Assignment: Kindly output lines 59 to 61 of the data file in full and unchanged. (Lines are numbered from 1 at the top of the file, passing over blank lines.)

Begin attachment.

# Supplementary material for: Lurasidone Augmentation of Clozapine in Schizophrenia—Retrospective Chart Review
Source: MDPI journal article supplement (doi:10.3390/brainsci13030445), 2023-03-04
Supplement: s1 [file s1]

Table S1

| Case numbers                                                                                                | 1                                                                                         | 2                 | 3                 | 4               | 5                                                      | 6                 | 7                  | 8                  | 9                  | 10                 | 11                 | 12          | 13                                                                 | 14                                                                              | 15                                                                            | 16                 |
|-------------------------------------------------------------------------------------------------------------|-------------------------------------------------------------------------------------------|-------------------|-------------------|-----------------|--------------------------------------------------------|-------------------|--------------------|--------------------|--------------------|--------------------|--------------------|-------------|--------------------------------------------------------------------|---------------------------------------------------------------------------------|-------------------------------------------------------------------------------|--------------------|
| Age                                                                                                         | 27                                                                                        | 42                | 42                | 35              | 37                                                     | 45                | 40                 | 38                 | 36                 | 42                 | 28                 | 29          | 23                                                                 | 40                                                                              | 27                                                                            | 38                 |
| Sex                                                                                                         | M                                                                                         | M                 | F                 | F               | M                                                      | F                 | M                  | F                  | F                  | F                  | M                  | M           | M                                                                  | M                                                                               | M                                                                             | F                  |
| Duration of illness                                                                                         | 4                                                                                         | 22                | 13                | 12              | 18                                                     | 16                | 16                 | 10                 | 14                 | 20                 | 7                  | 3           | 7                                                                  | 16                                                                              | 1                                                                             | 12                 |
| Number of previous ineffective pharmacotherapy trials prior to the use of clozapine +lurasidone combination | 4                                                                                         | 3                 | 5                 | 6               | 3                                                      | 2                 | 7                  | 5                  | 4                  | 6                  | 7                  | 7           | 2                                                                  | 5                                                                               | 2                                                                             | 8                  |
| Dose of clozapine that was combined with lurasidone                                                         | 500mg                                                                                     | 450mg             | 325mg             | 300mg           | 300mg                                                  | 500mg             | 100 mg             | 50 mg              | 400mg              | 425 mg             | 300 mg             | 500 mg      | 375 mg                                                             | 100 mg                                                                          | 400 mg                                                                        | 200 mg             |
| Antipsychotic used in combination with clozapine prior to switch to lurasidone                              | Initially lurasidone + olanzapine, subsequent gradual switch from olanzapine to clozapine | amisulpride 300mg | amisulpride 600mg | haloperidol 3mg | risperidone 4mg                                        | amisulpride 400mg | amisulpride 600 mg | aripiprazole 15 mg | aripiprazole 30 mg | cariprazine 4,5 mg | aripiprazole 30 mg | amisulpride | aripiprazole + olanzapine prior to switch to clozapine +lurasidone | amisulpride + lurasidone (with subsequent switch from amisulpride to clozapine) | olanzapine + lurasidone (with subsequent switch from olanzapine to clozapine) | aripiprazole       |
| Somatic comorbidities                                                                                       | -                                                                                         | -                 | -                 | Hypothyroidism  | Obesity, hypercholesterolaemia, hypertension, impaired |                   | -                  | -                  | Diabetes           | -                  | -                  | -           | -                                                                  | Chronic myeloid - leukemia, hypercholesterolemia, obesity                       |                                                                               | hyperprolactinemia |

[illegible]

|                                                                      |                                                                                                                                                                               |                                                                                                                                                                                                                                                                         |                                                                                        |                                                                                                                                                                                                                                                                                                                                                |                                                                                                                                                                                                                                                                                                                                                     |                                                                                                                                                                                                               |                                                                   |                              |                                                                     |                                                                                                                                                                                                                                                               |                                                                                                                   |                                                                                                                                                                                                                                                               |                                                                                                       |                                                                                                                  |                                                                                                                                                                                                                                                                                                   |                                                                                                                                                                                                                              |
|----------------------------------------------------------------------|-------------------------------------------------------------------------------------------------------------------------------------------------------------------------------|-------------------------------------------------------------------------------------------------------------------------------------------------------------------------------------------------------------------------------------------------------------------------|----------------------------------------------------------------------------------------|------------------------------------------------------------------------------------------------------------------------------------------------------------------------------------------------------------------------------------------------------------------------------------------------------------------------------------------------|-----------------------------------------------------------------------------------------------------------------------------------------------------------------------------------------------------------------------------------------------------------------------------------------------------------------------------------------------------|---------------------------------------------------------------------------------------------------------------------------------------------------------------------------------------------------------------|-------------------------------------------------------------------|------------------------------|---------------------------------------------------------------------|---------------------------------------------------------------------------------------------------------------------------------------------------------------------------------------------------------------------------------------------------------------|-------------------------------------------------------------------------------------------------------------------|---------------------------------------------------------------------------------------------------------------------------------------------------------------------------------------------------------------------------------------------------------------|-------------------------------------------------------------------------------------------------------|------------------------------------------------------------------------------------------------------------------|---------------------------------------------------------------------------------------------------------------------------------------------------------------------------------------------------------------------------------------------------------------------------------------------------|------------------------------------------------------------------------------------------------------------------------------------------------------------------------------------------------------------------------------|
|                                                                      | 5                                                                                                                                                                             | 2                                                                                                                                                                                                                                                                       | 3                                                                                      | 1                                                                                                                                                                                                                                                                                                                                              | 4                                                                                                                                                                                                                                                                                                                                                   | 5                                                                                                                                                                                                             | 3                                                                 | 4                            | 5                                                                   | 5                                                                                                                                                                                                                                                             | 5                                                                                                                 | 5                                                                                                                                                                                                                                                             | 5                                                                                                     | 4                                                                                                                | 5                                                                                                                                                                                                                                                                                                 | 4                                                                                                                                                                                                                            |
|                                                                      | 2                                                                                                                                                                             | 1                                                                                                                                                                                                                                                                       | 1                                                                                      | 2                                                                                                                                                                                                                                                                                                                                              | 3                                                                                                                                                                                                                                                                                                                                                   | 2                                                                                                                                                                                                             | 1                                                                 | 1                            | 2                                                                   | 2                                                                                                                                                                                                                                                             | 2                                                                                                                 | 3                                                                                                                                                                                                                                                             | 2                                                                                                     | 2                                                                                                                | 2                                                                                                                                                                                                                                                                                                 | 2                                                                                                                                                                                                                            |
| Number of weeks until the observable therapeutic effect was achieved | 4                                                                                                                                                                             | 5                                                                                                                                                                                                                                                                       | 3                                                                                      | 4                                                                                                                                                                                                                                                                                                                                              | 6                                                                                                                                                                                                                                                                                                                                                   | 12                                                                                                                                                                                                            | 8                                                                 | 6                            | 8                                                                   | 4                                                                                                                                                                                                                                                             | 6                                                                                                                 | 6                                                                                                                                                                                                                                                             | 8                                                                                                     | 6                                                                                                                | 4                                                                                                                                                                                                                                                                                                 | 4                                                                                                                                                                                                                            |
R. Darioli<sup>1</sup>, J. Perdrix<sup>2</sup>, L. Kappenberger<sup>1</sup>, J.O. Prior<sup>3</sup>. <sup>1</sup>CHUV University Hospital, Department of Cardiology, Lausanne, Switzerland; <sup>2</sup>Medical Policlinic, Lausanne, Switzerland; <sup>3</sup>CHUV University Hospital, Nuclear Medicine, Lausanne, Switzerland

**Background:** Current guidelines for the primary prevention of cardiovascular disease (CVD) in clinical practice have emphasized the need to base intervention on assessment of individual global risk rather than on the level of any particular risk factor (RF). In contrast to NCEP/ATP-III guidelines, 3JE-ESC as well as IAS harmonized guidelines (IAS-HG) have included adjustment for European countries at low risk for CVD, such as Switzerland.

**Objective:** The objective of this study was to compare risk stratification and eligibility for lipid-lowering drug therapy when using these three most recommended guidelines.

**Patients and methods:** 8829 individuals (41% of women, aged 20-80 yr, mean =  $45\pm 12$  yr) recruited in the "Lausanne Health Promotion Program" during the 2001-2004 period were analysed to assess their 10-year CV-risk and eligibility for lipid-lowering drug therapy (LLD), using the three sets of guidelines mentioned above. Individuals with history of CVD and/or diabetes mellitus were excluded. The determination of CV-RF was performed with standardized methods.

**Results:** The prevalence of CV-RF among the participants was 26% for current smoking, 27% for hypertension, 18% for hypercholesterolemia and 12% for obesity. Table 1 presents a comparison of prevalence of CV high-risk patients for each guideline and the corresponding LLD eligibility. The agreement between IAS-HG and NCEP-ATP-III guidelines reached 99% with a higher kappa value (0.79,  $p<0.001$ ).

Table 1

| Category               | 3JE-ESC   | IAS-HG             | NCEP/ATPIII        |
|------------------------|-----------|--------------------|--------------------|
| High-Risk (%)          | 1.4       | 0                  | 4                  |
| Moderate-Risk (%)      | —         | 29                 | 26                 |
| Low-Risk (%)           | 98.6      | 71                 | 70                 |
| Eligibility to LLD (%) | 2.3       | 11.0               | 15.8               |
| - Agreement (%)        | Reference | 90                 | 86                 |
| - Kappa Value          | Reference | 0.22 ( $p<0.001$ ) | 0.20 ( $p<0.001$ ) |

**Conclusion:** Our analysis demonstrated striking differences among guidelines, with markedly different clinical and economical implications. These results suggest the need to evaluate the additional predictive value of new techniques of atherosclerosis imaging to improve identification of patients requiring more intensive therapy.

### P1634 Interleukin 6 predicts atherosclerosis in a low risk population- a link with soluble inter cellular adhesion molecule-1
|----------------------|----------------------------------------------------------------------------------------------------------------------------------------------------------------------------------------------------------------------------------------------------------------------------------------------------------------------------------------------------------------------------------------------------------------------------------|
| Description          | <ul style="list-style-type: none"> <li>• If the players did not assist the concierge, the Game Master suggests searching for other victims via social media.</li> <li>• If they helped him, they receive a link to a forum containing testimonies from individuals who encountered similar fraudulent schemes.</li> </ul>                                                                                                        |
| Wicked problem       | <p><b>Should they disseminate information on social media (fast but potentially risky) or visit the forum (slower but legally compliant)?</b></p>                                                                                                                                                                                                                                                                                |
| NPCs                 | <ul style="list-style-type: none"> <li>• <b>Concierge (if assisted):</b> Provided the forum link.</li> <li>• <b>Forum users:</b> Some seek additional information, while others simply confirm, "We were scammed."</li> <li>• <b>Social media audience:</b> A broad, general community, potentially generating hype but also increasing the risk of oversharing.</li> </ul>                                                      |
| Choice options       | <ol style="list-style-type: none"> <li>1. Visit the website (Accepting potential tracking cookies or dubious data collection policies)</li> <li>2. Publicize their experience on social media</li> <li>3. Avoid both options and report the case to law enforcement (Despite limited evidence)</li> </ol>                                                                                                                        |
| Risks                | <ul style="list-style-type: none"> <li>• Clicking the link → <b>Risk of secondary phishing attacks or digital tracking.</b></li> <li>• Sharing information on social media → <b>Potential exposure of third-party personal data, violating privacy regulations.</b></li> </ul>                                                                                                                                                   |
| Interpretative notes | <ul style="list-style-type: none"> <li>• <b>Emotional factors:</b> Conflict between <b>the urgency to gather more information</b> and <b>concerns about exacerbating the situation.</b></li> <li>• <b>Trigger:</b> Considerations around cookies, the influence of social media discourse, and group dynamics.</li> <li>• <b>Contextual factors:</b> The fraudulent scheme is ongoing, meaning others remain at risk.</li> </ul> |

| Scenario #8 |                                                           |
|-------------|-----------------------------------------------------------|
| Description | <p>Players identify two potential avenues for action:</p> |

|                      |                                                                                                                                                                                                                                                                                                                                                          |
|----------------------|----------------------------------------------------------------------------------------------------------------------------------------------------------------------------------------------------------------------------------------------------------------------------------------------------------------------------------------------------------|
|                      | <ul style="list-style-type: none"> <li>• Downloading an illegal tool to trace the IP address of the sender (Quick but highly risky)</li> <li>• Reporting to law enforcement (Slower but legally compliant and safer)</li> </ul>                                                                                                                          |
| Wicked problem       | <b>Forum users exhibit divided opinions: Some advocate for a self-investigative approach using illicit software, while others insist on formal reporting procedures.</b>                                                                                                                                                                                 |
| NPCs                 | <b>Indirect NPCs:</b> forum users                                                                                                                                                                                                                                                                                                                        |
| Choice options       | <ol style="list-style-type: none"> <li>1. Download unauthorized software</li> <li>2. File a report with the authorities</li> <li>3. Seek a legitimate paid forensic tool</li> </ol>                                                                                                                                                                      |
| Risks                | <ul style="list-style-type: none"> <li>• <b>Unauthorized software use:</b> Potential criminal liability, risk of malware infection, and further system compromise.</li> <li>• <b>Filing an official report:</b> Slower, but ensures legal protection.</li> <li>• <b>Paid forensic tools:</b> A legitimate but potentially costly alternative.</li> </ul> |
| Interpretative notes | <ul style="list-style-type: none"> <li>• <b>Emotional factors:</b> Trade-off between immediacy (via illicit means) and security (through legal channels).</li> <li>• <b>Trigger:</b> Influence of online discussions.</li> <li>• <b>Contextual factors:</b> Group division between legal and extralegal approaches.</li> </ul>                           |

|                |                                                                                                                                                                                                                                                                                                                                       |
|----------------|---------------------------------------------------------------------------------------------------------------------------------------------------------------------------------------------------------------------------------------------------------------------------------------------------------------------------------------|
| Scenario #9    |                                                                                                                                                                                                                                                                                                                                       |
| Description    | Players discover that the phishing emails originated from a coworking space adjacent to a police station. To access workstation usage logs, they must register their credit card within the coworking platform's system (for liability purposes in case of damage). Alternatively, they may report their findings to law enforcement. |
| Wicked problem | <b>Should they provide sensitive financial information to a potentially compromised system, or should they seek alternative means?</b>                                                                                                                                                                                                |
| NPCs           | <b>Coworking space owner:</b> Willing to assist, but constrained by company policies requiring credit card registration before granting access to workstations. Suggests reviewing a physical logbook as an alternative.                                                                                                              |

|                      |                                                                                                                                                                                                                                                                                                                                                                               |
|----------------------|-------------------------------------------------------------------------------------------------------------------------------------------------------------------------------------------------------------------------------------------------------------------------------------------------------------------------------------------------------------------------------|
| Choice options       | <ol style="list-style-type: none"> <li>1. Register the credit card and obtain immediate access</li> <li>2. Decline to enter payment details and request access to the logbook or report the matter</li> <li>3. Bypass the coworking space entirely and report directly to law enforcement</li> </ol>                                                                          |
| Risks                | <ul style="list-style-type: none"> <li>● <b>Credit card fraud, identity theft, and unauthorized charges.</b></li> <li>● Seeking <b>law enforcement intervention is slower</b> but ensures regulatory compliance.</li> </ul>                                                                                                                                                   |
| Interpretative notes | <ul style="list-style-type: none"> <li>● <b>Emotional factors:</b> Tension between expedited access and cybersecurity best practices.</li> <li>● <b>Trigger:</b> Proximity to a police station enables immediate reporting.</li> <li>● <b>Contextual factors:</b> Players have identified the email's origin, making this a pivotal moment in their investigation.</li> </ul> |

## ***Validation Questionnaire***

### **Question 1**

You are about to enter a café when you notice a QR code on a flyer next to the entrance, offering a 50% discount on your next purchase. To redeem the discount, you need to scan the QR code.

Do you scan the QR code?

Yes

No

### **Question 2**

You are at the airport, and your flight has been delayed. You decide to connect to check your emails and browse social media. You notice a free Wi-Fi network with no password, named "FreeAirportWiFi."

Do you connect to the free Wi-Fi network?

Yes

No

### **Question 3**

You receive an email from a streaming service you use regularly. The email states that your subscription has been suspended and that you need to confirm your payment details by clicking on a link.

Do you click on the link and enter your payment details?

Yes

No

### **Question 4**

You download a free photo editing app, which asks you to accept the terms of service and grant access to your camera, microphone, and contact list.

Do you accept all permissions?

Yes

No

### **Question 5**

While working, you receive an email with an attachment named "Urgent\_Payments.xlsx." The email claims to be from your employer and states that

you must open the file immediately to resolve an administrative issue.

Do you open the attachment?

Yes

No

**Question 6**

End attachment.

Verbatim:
| NPCs           | <b>Coworking space owner:</b> Willing to assist, but constrained by company policies requiring credit card registration before granting access to workstations. Suggests reviewing a physical logbook as an alternative.                                                                                                              |

|                      |                                                                                                                                                                                                                                                                                                                                                                               |
|----------------------|-------------------------------------------------------------------------------------------------------------------------------------------------------------------------------------------------------------------------------------------------------------------------------------------------------------------------------------------------------------------------------|